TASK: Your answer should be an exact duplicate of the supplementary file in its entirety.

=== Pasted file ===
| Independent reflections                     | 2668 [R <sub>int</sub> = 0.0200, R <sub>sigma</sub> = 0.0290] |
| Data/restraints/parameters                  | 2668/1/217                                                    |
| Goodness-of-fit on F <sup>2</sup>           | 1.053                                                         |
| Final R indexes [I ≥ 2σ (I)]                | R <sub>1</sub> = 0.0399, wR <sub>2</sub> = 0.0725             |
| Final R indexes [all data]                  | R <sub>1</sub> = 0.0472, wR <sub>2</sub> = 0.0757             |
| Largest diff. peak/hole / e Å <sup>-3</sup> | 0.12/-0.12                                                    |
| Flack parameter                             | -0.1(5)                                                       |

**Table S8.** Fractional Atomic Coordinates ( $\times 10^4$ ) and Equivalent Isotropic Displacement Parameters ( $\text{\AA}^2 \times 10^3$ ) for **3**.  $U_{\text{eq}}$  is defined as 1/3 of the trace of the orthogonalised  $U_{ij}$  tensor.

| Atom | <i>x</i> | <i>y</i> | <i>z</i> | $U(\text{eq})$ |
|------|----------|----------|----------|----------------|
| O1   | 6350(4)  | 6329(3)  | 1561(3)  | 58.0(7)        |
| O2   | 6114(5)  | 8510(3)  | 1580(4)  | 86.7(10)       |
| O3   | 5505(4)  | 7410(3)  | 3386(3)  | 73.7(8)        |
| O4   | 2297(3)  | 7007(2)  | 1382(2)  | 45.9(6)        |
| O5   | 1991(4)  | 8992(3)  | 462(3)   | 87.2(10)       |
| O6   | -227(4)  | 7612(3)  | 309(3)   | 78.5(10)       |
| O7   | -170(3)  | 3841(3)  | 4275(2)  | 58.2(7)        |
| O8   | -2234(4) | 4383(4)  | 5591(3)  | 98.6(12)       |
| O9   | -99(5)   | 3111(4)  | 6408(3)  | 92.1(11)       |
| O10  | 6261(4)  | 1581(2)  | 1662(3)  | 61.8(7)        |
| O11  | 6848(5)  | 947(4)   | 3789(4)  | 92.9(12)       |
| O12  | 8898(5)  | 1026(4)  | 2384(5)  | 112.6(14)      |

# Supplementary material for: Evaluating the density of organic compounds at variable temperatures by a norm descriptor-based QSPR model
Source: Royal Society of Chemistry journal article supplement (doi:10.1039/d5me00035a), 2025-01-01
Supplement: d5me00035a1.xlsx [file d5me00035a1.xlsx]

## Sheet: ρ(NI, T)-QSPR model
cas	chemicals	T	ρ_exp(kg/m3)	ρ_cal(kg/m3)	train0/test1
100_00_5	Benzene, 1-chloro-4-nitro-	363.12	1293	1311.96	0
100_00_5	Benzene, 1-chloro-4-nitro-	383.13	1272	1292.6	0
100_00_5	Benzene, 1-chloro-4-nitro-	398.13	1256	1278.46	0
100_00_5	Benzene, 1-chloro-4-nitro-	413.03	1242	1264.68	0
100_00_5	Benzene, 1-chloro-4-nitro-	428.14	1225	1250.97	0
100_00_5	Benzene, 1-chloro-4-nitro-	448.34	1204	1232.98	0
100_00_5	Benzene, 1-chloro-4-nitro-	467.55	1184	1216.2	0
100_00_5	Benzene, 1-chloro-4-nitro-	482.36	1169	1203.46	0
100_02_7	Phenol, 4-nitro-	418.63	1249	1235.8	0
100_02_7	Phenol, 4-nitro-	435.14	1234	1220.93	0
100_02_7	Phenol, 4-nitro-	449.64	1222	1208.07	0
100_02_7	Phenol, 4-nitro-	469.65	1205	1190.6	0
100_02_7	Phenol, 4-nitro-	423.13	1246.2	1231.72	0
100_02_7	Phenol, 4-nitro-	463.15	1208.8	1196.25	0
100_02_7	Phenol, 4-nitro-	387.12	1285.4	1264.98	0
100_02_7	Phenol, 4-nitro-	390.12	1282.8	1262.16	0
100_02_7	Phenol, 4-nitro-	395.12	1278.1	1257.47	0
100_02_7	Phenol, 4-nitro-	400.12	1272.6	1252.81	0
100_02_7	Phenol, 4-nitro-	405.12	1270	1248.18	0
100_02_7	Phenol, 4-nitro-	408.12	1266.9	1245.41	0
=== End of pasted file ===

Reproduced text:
| Independent reflections                     | 2668 [R <sub>int</sub> = 0.0200, R <sub>sigma</sub> = 0.0290] |
| Data/restraints/parameters                  | 2668/1/217                                                    |
| Goodness-of-fit on F <sup>2</sup>           | 1.053                                                         |
| Final R indexes [I ≥ 2σ (I)]                | R <sub>1</sub> = 0.0399, wR <sub>2</sub> = 0.0725             |
| Final R indexes [all data]                  | R <sub>1</sub> = 0.0472, wR <sub>2</sub> = 0.0757             |
| Largest diff. peak/hole / e Å <sup>-3</sup> | 0.12/-0.12                                                    |
| Flack parameter                             | -0.1(5)                                                       |

**Table S8.** Fractional Atomic Coordinates ( $\times 10^4$ ) and Equivalent Isotropic Displacement Parameters ( $\text{\AA}^2 \times 10^3$ ) for **3**.  $U_{\text{eq}}$  is defined as 1/3 of the trace of the orthogonalised  $U_{ij}$  tensor.

| Atom | <i>x</i> | <i>y</i> | <i>z</i> | $U(\text{eq})$ |
|------|----------|----------|----------|----------------|
| O1   | 6350(4)  | 6329(3)  | 1561(3)  | 58.0(7)        |
| O2   | 6114(5)  | 8510(3)  | 1580(4)  | 86.7(10)       |
| O3   | 5505(4)  | 7410(3)  | 3386(3)  | 73.7(8)        |
| O4   | 2297(3)  | 7007(2)  | 1382(2)  | 45.9(6)        |
| O5   | 1991(4)  | 8992(3)  | 462(3)   | 87.2(10)       |
| O6   | -227(4)  | 7612(3)  | 309(3)   | 78.5(10)       |
| O7   | -170(3)  | 3841(3)  | 4275(2)  | 58.2(7)        |
| O8   | -2234(4) | 4383(4)  | 5591(3)  | 98.6(12)       |
| O9   | -99(5)   | 3111(4)  | 6408(3)  | 92.1(11)       |
| O10  | 6261(4)  | 1581(2)  | 1662(3)  | 61.8(7)        |
| O11  | 6848(5)  | 947(4)   | 3789(4)  | 92.9(12)       |
| O12  | 8898(5)  | 1026(4)  | 2384(5)  | 112.6(14)      |

# Supplementary material for: Evaluating the density of organic compounds at variable temperatures by a norm descriptor-based QSPR model
Source: Royal Society of Chemistry journal article supplement (doi:10.1039/d5me00035a), 2025-01-01
Supplement: d5me00035a1.xlsx [file d5me00035a1.xlsx]

## Sheet: ρ(NI, T)-QSPR model
cas	chemicals	T	ρ_exp(kg/m3)	ρ_cal(kg/m3)	train0/test1
100_00_5	Benzene, 1-chloro-4-nitro-	363.12	1293	1311.96	0
100_00_5	Benzene, 1-chloro-4-nitro-	383.13	1272	1292.6	0
100_00_5	Benzene, 1-chloro-4-nitro-	398.13	1256	1278.46	0
100_00_5	Benzene, 1-chloro-4-nitro-	413.03	1242	1264.68	0
100_00_5	Benzene, 1-chloro-4-nitro-	428.14	1225	1250.97	0
100_00_5	Benzene, 1-chloro-4-nitro-	448.34	1204	1232.98	0
100_00_5	Benzene, 1-chloro-4-nitro-	467.55	1184	1216.2	0
100_00_5	Benzene, 1-chloro-4-nitro-	482.36	1169	1203.46	0
100_02_7	Phenol, 4-nitro-	418.63	1249	1235.8	0
100_02_7	Phenol, 4-nitro-	435.14	1234	1220.93	0
100_02_7	Phenol, 4-nitro-	449.64	1222	1208.07	0
100_02_7	Phenol, 4-nitro-	469.65	1205	1190.6	0
100_02_7	Phenol, 4-nitro-	423.13	1246.2	1231.72	0
100_02_7	Phenol, 4-nitro-	463.15	1208.8	1196.25	0
100_02_7	Phenol, 4-nitro-	387.12	1285.4	1264.98	0
100_02_7	Phenol, 4-nitro-	390.12	1282.8	1262.16	0
100_02_7	Phenol, 4-nitro-	395.12	1278.1	1257.47	0
100_02_7	Phenol, 4-nitro-	400.12	1272.6	1252.81	0
100_02_7	Phenol, 4-nitro-	405.12	1270	1248.18	0
100_02_7	Phenol, 4-nitro-	408.12	1266.9	1245.41	0